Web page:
“Down the Highway” is a livid blues song full of angst and apprehension towards Rotolo. “My baby took my heart from me/She packed it all up in a suitcase/Lord, she took it away to Italy, Italy!” sighs Dylan. However like most other blues tracks (including the Talking World War III Blues, and Bob Dylan’s Blues) on the album, this one also falls short. However there’s one blues ballad which brings out the wryness and humour of Dylan profusely. “I Shall Be Free” is a rewrite of one of Lead Belly’s popular melody, “We Shall Be Free” originally performed by Dylan’s idol Woody Guthrie. Although the song does not sit well with some of the critics, who have often compared this last track of the album to be “tucked in like shirt tails”, I’d like to believe that this song houses some of the most hilarious lyrics ever. For instance “Well, my telephone rang it would not stop/It's President Kennedy callin' me up/He said, 'My friend, Bob, what do we need to make the country grow'?/I said, 'My friend, John, Brigitte Bardot,/Anita Ekberg/Sophia Loren/Country'll grow'.” Such lyrics set to an upbeat guitar chord, and intermittently interrupted by haphazardly played harmonica, feel spontaneous, genuine and funny.
Freewheelin’ Bob Dylan was not just a garland of love songs punctuated by blues-y tracks. It had a bigger agenda which made our troubadour not just a poet, but also a prophet. Dylanesque elements now included social and political commentary to the list of sub-par vocals, stellar lyrics, blues influence, and crude harmonica chords. One of the most celebrated songs of Dylan has to be “Blowin’ in the Wind”, a set of rhetoric questions asked with an ambiguous indication towards the answer. The soothing guitar piece transitions smoothly into a calm and serene harmonica melody, and the song blossoms in its lyrical richness while it tries to denote the futility of war. “A Hard Rains-A Gonna Fall” which is an adapted version of the Scottish folk tune ”Lord Randall” is an apocalyptic prophecy about the end of days. This song would go on to set a benchmark for lyrical and poetic prowess of songwriters. Some critics speculate the Hard Rain in the song is a reference to nuclear fallout which could have resulted in from the Cuban Missile Crisis. Beatnik Allen Ginsberg reportedly cried after listening to the track and announced that he felt as if “the torch had been passed to another generation”. Dylan has this knack for painting pictures with adjectives, and he uses oh-so-many of them in this song. Its heart-wrenching lyrics are an attempt to encapsulate all that’s wrong with the society of the 60s, and lacks nothing if compared to any great poem. Lyrics such as "And I’ll tell it and think it and speak it and breathe it/And reflect it from the mountain so all souls can see it” made Dylan a much needed amalgamation of an enlightened bard and a mystic prophet whose words must be heeded to. If anyone is of the opinion that Dylan should not be considered a poet, I strongly suspect they haven’t given this song a listenin’.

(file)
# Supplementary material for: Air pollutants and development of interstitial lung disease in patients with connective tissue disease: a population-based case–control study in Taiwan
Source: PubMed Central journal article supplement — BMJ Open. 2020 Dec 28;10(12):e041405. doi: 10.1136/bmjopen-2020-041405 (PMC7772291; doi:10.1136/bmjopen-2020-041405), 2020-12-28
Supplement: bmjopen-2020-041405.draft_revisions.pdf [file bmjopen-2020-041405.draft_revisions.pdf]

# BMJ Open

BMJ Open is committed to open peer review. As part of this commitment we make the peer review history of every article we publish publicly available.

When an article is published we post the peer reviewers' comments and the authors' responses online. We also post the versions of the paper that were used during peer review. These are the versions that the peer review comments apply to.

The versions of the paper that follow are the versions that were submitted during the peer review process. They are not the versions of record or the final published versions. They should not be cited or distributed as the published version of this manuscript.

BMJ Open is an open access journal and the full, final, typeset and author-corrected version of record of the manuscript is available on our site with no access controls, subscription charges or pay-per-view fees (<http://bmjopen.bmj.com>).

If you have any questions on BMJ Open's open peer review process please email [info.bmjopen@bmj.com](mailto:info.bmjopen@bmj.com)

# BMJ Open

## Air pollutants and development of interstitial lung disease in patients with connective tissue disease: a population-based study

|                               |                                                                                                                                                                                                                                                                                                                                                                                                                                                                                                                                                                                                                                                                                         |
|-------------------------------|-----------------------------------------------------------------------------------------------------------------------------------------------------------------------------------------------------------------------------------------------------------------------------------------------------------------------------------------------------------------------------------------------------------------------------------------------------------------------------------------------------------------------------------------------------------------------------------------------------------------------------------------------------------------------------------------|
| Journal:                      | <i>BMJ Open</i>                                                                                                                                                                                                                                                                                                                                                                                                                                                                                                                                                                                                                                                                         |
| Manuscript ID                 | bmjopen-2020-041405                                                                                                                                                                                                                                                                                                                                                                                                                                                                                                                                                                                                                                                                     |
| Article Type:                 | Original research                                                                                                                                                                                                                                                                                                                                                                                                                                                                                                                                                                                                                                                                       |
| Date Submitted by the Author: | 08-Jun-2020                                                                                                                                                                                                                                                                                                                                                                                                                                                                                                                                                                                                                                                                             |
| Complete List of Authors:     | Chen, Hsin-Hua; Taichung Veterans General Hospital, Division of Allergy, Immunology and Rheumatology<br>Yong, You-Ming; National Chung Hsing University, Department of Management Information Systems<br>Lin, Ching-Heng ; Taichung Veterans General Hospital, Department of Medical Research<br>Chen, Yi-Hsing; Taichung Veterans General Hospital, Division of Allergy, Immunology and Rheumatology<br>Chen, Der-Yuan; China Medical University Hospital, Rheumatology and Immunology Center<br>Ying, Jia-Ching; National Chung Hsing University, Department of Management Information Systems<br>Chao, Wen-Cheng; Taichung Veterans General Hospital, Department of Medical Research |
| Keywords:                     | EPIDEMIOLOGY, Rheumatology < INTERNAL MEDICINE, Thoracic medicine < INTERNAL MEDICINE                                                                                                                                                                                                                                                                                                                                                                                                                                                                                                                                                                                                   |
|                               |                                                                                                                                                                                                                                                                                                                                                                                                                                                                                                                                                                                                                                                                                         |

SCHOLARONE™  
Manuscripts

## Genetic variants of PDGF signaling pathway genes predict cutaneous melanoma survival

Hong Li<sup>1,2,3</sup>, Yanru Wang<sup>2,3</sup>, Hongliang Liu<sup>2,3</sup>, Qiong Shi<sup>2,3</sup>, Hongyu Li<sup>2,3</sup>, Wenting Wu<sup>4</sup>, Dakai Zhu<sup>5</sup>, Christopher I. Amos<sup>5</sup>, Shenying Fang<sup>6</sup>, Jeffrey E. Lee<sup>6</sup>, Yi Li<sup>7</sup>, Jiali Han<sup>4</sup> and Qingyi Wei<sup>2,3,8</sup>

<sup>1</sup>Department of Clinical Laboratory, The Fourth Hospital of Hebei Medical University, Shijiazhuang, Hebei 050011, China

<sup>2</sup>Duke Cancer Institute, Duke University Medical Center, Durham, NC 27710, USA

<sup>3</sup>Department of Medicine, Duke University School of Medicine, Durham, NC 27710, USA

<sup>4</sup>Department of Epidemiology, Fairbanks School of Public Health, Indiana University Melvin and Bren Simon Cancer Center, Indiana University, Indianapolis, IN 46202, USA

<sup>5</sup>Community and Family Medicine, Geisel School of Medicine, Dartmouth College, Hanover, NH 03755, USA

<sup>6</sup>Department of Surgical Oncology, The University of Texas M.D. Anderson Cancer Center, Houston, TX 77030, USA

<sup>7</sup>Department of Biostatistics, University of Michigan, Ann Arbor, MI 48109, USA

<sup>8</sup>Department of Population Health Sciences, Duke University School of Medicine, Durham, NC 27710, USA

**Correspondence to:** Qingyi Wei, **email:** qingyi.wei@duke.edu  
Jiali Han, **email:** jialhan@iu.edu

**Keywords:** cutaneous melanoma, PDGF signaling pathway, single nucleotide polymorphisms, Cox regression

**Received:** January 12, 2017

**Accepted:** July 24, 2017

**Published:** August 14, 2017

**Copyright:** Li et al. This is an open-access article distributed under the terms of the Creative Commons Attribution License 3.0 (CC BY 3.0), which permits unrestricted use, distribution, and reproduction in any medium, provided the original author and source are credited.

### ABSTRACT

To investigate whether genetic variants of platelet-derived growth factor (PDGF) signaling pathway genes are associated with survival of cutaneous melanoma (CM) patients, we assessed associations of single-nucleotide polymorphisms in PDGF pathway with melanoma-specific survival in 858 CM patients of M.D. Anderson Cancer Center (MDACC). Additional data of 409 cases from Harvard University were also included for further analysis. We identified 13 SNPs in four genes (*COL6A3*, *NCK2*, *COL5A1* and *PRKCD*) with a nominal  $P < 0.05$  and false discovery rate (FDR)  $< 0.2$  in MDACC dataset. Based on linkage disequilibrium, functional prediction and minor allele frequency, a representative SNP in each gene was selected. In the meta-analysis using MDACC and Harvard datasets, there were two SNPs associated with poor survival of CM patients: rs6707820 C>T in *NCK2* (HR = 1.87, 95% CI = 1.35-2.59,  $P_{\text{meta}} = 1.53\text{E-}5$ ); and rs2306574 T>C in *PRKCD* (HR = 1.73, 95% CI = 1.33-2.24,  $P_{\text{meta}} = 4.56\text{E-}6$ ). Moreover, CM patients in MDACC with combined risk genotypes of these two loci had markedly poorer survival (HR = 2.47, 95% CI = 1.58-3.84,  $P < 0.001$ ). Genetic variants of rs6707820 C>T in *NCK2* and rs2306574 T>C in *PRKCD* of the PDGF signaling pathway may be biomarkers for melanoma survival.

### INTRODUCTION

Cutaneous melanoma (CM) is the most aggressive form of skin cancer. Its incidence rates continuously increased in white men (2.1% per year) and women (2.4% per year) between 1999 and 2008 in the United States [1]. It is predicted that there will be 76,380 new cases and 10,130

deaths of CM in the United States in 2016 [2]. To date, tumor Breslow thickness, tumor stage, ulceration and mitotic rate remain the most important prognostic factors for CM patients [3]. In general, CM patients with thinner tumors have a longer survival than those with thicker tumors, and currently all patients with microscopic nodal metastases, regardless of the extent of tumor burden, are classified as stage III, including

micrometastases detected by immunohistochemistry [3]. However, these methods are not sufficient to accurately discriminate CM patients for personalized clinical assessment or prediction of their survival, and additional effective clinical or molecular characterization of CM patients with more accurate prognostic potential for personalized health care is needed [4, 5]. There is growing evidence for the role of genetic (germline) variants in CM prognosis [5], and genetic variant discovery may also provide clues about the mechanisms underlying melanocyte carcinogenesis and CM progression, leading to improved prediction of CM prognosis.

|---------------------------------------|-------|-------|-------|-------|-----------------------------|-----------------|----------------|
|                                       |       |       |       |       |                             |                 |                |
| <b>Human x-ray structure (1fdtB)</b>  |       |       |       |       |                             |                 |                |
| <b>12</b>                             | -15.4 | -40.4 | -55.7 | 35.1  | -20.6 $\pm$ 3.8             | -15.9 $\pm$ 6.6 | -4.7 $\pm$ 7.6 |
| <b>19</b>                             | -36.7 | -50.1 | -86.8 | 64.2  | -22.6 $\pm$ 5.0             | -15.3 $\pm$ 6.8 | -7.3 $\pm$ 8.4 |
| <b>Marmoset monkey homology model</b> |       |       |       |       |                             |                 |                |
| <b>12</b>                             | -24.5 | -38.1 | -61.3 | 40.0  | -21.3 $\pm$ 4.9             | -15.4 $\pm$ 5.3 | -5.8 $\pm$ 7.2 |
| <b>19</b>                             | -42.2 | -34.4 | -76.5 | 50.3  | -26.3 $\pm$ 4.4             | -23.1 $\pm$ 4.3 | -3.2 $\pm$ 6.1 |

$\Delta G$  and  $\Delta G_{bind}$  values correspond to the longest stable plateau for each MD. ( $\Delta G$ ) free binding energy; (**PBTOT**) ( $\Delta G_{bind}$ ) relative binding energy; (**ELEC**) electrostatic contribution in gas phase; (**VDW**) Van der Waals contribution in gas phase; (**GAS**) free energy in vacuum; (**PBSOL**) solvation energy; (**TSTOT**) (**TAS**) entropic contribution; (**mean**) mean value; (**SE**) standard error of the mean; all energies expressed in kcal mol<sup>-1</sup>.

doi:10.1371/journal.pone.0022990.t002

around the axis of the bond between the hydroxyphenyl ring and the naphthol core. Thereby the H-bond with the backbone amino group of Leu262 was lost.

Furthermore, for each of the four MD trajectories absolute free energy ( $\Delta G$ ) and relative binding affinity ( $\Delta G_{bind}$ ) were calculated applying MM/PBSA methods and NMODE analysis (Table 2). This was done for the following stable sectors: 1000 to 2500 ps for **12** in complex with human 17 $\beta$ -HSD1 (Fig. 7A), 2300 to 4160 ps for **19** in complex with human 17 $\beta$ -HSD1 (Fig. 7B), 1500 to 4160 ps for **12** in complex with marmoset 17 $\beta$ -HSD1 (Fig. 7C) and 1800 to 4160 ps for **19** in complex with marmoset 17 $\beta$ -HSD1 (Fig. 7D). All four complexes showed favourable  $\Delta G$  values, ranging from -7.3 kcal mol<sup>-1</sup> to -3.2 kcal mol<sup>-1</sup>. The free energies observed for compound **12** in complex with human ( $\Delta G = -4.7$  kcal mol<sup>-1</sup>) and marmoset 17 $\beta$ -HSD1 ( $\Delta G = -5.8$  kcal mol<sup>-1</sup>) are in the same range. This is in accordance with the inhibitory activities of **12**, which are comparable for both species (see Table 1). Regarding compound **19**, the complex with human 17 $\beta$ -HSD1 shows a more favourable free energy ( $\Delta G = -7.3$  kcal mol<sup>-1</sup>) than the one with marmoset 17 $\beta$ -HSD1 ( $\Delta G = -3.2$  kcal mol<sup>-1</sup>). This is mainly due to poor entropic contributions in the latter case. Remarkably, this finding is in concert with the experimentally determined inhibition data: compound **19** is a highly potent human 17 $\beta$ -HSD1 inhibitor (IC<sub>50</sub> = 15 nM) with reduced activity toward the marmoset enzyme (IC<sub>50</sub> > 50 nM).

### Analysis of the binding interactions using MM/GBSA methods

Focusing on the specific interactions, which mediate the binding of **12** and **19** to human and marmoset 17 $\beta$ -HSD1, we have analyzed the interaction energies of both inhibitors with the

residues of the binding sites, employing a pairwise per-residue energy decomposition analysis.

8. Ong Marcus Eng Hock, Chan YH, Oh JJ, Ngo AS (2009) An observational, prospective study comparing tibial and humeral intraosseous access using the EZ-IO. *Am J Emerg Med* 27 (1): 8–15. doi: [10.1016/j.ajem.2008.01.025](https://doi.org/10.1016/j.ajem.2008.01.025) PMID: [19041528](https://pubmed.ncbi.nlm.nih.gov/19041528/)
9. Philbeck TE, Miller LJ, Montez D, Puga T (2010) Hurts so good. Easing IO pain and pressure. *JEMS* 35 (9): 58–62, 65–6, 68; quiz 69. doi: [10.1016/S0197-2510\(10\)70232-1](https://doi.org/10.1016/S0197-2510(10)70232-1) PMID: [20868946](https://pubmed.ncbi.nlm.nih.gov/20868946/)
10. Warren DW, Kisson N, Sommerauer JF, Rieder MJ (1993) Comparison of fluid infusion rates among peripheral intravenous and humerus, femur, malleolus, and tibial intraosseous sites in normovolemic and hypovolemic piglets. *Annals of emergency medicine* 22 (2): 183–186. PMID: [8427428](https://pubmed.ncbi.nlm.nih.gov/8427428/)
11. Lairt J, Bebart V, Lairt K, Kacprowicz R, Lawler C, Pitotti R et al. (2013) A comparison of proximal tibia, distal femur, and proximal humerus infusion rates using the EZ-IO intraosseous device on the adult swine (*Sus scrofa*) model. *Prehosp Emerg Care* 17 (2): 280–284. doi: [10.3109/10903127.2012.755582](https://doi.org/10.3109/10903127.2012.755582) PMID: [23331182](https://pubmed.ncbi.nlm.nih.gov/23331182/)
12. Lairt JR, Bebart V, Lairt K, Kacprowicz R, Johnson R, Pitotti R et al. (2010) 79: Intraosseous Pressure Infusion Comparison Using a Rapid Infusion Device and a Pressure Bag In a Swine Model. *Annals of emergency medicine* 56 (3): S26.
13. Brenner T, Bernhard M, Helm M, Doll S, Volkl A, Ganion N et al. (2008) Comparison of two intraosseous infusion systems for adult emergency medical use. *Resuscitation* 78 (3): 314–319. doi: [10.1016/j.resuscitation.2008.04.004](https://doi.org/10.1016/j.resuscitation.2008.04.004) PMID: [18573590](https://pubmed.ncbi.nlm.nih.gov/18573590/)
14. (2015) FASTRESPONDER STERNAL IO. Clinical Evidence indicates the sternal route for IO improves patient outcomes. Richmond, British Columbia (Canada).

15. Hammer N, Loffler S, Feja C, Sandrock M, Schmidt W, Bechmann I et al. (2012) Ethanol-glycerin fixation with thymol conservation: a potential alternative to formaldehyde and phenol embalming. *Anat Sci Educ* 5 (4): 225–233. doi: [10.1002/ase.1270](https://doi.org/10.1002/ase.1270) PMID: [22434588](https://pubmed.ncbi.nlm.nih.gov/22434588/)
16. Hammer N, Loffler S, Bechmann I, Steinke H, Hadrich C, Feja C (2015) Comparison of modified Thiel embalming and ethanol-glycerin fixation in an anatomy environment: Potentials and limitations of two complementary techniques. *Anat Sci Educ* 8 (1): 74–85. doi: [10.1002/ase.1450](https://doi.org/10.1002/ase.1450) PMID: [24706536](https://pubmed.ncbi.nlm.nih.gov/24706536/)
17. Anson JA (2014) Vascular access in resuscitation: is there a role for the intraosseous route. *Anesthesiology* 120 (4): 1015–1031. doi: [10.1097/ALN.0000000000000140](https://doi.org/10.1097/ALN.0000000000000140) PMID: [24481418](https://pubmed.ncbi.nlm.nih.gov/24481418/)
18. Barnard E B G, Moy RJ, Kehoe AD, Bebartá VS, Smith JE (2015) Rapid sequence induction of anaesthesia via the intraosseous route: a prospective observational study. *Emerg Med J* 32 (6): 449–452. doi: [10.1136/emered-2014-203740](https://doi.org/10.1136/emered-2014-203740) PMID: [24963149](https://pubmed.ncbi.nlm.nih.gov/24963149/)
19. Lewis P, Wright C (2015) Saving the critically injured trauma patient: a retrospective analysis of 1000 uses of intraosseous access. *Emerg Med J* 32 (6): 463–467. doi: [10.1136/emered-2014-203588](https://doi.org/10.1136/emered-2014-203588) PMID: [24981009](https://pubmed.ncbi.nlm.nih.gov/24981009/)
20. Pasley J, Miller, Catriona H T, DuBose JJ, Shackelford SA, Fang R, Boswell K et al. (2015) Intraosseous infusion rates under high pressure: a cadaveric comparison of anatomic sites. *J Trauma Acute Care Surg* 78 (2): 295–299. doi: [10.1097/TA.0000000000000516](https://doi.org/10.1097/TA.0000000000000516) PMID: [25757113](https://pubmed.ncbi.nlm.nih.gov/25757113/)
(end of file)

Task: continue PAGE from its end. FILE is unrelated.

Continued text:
My ultimate favorite song of the album however is the sharp condemnation of warmongers in the form of “Masters of War”. Although the arrangements of the songs are not original and are borrowed from Jean Ritchie’s Nottamun Town, the lyrics are indeed spewed by a war-frustrated Dylan (P.S. : You could see how so many of his songs were not original pieces of music, which strengthens his claim for Nobel for Literature, in my opinion). Masters of War is quite different from all his other anti-war songs as it is anti-pacifist as represented by lyrics such as “And I hope that you die\And your death’ll come soon”. Also the lyrics are more unambiguous and direct as in “But there’s one thing I know/Though I’m younger than you/That even Jesus would never/Forgive what you do.” This is where the Dylan’s defiance distills out. No wonder this became the anthem for the Anti-Vietnam War protests.
Freewheelin’ Bob Dylan is a testament to his ever-lasting legacy. It’s the first time the geezer with the hat played without acclaim and in order to convey a message. This album marked the beginning of more than half a century of pure and uncompromised genius, compounded by the courage to call the bullshit. When someone said that pen is mightier than the sword, Dylan laughed and croaked away a couple of lines from the top of his mind, with simple four chords, and people knew strength. The songs of this album were not only commercial blockbusters but also social ones giving voices to many rebellions and movements, and imparting strength to the defeated. Apart from proclaiming that war is not the answer, Dylan also makes sure one understands that love could be.
And if it is not, there is always the wine.